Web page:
I watched him walk away as I folded my napkin on the table, then stood up, knowing I was drunk, expecting the floor to shift and throw me off, but it didn’t. Everything was stable. I took my purse from where it hung on the back of the chair, and before going to the front I stepped over to the lobster tank against the wall. In the blue glow that bent through the water, and through the settling green mist, I saw a single large claw raised, black, open, unmoving. I felt a chill, and squatted beside the tank so my eyes were level with the lobster, and touched the glass with my fingertips, staring at it as if it were a mirror. The glass wet my fingers. There was a stale, wet odor, of water that has been lived in too long. The fluorescent light buzzed loudly. I could make out one of the lobster’s broken, static antennae, and after a moment the ridges of its curved, doomed tail. I pressed my hand to the glass, until my palm was cold and damp, and then pushed my hot face against it. I was so weak. The lobster did not move, could not move, and when Bill came with a handful of mints, he told me later, the condensation on my face made him think that I was crying.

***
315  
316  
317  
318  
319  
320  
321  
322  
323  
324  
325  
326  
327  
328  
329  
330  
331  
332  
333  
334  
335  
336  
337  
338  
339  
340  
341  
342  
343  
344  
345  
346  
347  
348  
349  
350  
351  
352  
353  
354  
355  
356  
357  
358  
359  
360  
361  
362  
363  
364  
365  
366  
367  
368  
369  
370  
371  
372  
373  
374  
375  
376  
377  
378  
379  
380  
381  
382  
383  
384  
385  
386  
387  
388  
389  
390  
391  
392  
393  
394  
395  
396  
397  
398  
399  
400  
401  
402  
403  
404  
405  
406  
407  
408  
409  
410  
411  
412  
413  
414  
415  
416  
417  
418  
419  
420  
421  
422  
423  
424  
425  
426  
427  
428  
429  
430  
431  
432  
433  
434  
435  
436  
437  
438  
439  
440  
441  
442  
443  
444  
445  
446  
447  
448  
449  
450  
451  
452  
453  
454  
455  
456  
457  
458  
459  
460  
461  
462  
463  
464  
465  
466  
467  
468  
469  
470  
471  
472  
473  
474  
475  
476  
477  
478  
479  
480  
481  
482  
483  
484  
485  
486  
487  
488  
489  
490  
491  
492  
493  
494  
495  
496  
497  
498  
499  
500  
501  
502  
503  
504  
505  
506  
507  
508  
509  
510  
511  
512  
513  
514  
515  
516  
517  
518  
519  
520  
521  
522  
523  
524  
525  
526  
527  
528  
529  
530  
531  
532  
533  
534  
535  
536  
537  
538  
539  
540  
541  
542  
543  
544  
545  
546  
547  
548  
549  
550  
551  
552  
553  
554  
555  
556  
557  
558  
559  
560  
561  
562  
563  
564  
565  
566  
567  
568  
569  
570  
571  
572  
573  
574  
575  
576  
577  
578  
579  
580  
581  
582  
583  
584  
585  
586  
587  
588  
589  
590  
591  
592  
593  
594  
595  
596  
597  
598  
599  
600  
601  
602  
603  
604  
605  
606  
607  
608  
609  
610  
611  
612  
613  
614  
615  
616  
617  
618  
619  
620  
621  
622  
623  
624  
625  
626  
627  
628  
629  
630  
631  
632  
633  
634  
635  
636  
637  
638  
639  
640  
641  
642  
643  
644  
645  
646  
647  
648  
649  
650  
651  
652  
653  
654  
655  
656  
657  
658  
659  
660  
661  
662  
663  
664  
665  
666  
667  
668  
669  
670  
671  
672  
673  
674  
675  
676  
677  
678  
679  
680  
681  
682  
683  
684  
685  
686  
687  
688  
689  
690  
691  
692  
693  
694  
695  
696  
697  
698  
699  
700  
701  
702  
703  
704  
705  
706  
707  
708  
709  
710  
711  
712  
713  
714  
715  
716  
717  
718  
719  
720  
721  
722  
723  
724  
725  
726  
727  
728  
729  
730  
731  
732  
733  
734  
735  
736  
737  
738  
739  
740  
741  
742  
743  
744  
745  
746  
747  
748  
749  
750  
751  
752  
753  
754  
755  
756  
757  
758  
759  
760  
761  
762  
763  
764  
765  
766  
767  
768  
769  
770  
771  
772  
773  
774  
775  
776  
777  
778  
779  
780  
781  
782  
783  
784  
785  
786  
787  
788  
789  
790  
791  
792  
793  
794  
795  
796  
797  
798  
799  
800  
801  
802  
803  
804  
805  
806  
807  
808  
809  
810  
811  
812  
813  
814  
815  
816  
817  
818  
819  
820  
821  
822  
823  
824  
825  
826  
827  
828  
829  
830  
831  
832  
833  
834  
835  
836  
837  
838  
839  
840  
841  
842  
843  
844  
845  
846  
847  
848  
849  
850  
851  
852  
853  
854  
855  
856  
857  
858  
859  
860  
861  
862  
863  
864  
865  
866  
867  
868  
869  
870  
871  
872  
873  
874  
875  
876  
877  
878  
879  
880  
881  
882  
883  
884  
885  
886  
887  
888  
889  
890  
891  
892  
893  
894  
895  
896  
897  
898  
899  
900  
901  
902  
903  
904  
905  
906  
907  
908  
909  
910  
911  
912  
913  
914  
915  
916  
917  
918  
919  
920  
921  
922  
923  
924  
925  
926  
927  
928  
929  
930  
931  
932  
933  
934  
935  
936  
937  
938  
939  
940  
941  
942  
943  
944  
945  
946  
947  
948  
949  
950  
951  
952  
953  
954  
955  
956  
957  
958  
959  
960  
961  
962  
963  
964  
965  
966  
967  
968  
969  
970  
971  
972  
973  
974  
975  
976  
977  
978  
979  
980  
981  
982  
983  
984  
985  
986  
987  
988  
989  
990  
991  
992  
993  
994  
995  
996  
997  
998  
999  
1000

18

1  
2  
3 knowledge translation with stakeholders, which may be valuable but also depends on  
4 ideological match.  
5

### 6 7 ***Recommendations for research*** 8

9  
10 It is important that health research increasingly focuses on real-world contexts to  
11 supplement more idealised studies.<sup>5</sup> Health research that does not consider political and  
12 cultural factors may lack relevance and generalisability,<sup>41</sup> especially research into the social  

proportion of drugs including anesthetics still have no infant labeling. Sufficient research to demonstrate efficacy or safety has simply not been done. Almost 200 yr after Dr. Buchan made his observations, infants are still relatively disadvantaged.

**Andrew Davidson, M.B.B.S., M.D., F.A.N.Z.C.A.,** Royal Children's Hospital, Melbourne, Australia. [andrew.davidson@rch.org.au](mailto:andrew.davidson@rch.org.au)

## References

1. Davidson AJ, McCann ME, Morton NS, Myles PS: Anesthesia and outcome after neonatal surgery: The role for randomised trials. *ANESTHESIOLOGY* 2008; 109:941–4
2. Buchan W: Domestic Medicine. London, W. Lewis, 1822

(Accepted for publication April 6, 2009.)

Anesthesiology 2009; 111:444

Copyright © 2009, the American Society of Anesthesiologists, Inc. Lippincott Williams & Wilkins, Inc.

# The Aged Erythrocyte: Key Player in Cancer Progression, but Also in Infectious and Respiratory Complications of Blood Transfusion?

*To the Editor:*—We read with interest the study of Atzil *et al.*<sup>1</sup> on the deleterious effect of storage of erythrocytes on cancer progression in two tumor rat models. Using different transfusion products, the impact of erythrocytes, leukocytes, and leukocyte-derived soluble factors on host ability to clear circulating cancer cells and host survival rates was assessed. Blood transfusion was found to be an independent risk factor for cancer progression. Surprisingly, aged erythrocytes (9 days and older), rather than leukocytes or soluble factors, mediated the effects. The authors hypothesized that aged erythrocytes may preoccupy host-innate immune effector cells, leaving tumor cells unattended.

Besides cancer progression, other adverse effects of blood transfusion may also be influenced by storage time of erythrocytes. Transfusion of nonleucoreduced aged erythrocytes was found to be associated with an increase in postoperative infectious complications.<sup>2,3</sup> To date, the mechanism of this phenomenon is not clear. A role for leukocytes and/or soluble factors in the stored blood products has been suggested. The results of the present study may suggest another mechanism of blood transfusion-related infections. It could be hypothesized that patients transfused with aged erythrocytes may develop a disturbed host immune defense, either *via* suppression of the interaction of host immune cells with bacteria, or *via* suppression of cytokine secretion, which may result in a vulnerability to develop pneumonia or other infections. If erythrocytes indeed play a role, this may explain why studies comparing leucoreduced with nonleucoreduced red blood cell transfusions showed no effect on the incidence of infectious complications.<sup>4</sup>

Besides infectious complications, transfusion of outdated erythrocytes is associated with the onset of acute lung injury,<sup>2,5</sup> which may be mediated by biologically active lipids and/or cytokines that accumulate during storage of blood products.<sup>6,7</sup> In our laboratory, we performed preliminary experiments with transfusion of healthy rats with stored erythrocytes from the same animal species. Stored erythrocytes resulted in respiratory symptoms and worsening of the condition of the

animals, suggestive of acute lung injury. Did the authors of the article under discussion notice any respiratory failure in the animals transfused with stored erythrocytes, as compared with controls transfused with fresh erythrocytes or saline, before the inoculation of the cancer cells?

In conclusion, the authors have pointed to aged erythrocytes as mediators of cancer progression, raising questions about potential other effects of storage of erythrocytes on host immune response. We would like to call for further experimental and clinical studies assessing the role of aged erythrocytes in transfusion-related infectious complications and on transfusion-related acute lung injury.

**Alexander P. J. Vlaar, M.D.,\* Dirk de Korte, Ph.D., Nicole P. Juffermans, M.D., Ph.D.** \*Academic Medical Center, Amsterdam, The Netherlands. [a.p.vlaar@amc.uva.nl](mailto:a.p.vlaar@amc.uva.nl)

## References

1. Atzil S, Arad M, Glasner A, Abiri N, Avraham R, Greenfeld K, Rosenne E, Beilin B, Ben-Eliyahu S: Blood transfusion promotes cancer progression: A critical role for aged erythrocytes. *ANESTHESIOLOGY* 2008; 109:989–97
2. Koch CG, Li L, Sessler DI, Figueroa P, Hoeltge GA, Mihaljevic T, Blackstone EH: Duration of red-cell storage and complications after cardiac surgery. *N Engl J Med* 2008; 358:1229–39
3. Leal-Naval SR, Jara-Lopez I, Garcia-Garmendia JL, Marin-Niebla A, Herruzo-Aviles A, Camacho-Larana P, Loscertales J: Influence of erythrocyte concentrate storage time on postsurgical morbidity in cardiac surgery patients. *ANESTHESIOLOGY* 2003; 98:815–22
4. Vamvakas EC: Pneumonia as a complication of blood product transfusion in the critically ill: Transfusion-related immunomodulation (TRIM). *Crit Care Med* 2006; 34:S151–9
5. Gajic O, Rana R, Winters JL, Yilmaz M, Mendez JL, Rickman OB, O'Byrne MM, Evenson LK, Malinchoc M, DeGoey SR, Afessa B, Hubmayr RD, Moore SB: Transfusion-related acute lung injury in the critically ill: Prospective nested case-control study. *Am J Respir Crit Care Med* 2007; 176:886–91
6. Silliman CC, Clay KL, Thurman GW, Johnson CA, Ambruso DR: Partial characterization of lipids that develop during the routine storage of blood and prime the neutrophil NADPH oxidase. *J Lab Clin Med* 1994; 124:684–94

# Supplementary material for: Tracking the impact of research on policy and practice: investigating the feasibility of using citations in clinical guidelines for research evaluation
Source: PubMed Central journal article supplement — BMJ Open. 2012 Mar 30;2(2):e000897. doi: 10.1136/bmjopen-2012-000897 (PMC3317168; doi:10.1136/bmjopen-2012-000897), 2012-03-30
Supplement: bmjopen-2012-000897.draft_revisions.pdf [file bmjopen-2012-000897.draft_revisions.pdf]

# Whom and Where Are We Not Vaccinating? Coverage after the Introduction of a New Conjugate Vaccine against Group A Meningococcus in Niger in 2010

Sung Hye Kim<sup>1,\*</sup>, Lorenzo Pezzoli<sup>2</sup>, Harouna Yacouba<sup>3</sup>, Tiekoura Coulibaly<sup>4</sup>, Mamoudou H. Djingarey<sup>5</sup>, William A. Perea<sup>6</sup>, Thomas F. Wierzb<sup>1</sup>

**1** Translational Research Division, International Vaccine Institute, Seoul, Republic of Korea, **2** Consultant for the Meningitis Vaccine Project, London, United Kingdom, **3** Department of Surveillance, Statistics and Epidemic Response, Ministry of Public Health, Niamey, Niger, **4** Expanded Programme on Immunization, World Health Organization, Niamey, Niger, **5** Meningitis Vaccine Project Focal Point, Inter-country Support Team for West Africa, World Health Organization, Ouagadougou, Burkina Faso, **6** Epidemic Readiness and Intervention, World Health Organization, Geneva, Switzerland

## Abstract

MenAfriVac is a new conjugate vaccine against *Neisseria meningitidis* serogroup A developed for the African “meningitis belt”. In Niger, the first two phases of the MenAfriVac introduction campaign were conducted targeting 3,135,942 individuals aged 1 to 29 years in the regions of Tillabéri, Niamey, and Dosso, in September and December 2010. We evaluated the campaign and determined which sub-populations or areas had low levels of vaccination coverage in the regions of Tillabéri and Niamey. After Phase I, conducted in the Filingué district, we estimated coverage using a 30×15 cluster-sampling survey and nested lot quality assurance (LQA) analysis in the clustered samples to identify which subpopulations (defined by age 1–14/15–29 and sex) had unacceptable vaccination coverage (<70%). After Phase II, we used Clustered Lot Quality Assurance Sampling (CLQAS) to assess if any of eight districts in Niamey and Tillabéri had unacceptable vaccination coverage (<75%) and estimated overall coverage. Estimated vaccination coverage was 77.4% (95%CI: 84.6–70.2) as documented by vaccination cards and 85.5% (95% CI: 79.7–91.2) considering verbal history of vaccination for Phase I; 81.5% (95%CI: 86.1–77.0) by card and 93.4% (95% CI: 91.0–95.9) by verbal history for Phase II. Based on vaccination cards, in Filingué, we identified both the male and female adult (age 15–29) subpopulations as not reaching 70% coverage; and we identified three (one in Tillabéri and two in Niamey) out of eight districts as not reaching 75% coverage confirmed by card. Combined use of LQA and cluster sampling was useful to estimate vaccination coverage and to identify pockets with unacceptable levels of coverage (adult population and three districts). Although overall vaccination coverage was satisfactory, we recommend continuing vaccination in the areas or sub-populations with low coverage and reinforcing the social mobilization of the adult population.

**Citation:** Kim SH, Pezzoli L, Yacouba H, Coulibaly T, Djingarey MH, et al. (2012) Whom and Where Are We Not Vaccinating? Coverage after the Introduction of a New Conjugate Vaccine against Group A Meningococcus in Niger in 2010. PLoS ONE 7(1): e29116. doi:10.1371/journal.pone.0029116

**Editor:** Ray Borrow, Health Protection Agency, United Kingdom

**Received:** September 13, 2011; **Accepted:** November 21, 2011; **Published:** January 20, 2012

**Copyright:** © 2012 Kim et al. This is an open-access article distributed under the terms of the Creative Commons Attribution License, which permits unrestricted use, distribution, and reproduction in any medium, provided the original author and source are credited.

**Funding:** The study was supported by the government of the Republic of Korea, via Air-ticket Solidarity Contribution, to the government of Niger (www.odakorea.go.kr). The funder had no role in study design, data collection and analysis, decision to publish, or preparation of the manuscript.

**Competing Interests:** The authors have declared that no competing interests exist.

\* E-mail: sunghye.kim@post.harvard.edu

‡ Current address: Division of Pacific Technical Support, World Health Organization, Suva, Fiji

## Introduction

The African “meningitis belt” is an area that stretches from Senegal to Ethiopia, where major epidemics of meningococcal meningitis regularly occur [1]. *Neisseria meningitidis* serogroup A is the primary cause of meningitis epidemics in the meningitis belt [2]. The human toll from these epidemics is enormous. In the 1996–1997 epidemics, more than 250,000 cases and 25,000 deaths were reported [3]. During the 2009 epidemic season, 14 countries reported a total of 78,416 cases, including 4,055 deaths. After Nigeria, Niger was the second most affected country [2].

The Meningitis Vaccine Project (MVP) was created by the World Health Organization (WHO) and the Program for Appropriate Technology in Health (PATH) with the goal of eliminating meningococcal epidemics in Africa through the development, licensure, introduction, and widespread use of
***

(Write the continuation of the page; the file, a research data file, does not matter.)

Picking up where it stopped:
(originally published in QuarterlyWest)